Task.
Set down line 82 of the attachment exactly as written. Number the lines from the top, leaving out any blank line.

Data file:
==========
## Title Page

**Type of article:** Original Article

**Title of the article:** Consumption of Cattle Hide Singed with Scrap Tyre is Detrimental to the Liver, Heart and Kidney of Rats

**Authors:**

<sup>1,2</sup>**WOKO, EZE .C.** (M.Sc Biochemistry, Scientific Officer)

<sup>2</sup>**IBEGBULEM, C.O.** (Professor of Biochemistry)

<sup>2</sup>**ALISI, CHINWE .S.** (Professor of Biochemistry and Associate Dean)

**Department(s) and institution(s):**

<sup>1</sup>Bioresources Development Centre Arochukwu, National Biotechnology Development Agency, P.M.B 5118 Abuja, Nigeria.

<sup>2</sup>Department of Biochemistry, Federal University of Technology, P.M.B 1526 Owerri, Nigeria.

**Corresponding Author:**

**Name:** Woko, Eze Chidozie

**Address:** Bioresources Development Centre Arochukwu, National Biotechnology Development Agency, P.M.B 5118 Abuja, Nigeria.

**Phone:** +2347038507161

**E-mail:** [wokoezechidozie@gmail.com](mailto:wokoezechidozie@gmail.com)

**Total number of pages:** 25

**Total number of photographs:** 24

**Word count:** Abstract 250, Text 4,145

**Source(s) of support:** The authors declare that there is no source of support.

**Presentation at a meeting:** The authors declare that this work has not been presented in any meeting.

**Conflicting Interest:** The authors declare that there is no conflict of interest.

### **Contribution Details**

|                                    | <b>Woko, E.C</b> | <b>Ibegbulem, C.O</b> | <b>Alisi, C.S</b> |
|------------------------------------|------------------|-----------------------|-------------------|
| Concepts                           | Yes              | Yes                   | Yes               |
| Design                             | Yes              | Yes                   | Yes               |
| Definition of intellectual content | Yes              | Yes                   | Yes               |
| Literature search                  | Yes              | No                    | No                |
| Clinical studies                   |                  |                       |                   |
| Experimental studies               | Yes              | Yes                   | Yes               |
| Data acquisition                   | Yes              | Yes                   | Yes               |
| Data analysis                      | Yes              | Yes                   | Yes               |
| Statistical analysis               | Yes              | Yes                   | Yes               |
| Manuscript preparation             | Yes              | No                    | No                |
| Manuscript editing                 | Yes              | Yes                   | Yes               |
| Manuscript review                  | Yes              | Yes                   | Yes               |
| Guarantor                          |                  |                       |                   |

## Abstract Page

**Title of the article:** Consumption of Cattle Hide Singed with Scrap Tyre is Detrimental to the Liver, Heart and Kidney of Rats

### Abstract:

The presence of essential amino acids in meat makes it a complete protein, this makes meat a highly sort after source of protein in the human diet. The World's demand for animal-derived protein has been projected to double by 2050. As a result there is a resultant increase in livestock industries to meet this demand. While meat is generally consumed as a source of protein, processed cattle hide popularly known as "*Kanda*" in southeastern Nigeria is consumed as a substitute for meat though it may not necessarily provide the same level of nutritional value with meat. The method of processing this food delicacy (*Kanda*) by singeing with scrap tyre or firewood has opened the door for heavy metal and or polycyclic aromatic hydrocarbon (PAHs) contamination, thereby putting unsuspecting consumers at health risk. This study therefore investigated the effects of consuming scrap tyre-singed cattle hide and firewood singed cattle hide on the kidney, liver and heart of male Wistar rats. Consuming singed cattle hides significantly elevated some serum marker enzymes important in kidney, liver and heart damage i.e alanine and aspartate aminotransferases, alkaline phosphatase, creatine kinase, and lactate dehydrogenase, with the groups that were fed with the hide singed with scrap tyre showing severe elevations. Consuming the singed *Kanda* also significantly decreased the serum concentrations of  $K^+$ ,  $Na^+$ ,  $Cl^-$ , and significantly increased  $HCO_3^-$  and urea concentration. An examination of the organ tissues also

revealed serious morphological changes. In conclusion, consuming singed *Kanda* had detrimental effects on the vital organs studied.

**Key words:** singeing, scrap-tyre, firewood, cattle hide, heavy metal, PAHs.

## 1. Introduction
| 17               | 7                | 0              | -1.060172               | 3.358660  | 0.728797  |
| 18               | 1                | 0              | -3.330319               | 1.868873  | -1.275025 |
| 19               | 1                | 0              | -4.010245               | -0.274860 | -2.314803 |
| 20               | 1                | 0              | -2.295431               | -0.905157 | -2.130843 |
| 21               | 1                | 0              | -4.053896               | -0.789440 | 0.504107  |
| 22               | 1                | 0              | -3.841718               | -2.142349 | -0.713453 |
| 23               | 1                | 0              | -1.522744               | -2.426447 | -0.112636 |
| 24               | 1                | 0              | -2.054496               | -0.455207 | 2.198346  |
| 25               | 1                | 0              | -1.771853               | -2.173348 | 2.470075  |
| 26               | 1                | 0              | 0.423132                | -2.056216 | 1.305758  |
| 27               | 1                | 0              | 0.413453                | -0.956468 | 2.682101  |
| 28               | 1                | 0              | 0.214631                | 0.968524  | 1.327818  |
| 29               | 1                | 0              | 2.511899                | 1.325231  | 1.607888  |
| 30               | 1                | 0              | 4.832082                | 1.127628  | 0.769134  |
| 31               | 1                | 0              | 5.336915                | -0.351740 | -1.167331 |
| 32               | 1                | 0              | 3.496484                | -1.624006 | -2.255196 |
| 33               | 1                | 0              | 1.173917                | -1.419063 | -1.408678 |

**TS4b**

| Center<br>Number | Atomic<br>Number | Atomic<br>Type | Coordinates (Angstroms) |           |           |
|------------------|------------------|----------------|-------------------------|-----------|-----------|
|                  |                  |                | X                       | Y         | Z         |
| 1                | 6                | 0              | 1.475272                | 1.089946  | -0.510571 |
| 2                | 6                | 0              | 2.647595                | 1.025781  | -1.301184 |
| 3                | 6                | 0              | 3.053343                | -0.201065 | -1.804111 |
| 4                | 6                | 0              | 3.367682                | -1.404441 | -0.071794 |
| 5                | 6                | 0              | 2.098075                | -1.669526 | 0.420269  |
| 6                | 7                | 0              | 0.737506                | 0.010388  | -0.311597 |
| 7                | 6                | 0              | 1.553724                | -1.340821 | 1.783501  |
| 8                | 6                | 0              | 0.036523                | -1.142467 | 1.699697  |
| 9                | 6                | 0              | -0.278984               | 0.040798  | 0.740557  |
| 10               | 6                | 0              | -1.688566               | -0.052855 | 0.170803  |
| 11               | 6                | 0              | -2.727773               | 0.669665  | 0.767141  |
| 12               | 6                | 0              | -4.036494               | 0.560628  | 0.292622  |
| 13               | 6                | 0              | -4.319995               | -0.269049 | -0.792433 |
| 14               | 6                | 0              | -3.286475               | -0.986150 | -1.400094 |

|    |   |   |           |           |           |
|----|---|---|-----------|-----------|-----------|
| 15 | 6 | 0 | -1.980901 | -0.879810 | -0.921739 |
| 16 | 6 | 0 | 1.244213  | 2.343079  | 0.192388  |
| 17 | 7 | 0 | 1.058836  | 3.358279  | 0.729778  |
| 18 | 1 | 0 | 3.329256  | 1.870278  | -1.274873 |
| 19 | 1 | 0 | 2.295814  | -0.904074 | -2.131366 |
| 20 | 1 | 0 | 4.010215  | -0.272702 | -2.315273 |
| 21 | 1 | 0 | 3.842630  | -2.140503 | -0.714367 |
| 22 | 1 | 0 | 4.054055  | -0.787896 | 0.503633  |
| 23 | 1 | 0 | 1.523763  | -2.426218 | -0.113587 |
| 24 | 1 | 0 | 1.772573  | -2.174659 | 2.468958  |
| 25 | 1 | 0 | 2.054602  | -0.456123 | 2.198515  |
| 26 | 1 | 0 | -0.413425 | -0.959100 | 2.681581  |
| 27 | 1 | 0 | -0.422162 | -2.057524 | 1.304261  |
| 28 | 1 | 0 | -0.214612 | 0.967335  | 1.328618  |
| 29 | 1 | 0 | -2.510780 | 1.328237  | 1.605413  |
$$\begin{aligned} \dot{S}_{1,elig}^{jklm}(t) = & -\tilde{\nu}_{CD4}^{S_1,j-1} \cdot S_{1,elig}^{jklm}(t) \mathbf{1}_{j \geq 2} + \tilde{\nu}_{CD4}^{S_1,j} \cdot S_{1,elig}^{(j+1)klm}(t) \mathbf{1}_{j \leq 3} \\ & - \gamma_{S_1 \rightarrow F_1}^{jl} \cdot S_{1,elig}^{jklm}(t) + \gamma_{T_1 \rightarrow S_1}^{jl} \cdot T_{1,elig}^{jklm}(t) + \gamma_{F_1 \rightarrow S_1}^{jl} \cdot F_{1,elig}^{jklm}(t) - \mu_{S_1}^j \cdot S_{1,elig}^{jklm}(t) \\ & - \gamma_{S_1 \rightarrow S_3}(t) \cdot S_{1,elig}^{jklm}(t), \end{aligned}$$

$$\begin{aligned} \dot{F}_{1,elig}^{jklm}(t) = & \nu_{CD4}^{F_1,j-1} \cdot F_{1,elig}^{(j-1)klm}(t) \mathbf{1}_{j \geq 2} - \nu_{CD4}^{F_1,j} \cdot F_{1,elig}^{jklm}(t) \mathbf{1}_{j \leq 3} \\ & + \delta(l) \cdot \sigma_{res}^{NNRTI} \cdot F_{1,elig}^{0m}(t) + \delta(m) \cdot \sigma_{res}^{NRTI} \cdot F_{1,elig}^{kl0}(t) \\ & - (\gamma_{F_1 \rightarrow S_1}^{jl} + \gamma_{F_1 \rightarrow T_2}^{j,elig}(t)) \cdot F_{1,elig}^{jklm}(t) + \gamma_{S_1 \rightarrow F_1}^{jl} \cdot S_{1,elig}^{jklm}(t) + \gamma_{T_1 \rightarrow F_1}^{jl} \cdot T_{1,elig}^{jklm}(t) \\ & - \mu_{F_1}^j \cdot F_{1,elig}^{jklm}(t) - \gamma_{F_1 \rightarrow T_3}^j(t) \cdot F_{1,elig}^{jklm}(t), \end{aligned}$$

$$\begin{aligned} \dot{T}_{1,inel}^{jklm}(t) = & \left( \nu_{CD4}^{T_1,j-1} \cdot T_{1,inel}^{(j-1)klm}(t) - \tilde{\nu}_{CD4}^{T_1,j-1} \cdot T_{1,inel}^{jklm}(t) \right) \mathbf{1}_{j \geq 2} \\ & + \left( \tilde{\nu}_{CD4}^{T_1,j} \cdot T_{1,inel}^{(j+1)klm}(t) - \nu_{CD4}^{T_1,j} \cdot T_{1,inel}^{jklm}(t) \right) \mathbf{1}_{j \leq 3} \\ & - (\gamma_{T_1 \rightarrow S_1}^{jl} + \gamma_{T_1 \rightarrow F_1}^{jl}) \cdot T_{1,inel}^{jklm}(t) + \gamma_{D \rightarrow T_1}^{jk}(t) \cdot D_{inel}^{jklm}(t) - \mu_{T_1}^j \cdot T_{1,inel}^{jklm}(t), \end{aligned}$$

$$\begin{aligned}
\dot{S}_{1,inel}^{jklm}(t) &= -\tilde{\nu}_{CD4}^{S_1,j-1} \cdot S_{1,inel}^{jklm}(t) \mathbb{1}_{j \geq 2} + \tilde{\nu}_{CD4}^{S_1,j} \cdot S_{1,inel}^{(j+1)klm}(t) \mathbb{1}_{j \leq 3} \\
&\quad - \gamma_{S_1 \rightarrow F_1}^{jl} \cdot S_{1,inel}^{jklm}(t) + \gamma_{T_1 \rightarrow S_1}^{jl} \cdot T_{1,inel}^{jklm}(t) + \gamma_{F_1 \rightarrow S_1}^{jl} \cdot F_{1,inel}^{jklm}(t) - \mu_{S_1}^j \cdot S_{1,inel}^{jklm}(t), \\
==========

| 15 | 6 | 0 | -1.980901 | -0.879810 | -0.921739 |